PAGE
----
Friday, 25 April 2014

Thirst: A Society History Lesson in Novel Format

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(ARC given by Netgalley)
Author: Mary Donnarumma Sharnick
Publishing House: Fireship Press
292 pages
Publication:  2nd March  2012
Review written by Lady Entropy


Allow me a slight deviation on the topic of this book. In Portugal, there is this idea that if you're "smart", you can write books well. That's why we have so many books written by teachers, journalists, politicians, etc. that are absolutely unbearable because the person might be smart and an expert in their field, but that doesn't mean they can write. Because, you guessed it, writing is something you need to learn to do. If we don't expect a butcher to be able to perform surgeries, why do we expect journalists to be able to write books?

That rant done, that is the chief problem with this book. This writer, well, can't write. Oh, she tries very hard, that shows, but I remember that one of my earlier thoughts on the book were "This sounds like something written by a history teacher". And when I was done reading it, 'lo and behold, I find that the author is a history major. Yeah. It shows. The only reason this books doesn't get one star less is because, individually, the scenes are very instructive. We learn a LOT about the Venetian society of the time, and if you look at this book not as a book, but a guide to society\era, you actually pick up some interesting things. Unfortunately, that also means that, unlike a lot of books which are more than the sum of its parts, this book -- just isn't.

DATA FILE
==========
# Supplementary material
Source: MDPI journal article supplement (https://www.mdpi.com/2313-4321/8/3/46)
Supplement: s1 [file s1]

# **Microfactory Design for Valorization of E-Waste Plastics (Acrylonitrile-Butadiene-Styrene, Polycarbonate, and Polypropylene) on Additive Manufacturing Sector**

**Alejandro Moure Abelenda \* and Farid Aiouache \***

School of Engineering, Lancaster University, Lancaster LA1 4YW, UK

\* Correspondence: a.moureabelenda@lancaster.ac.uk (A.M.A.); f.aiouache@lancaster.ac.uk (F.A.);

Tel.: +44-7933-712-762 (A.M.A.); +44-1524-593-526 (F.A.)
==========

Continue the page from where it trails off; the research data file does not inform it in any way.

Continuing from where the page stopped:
There isn't a clear protagonist, at least 4 of them, scenes jump back and forth in time and protagonist, so god help you if you don't remember just who that character is and what her\his story is, because it means you might spend half the chapter trying to identify who this is about (especially problematic with the Nuns, because they have different names in their civilian life and as Nuns. And then there is the issue with some of the scenes focusing on lesser, almost nameless characters.

This is the danger of people who follow religiously the "Show don't tell" motto. We get swamped with details that just contribute to confuse you and distract you from the main story. There should be an addendum to this "SDT" motto: only "Show IMPORTANT things that contribute to the story". Knowing that Victoria (whose only role is to make a small testimony in trial) was violated anally when she was younger just comes across as a pointless attempt at being edgy and dark.

The structure is a mess, the main story isn't clear, the "side plots" are many and follow different characters so this book is not particularly pleasant or easy to read. The only recommendation I could do was for people interested in the era, and read this as a series of disconnected scenes portraying the several classes and society of the era in Venice.

I'm still puzzled by the cover blurb that says "Venice will never be the same..." since the conflict is quite small in the grand scheme of things, and the establishment wins in the end, so any changes are quickly smoothed over and forgotten.

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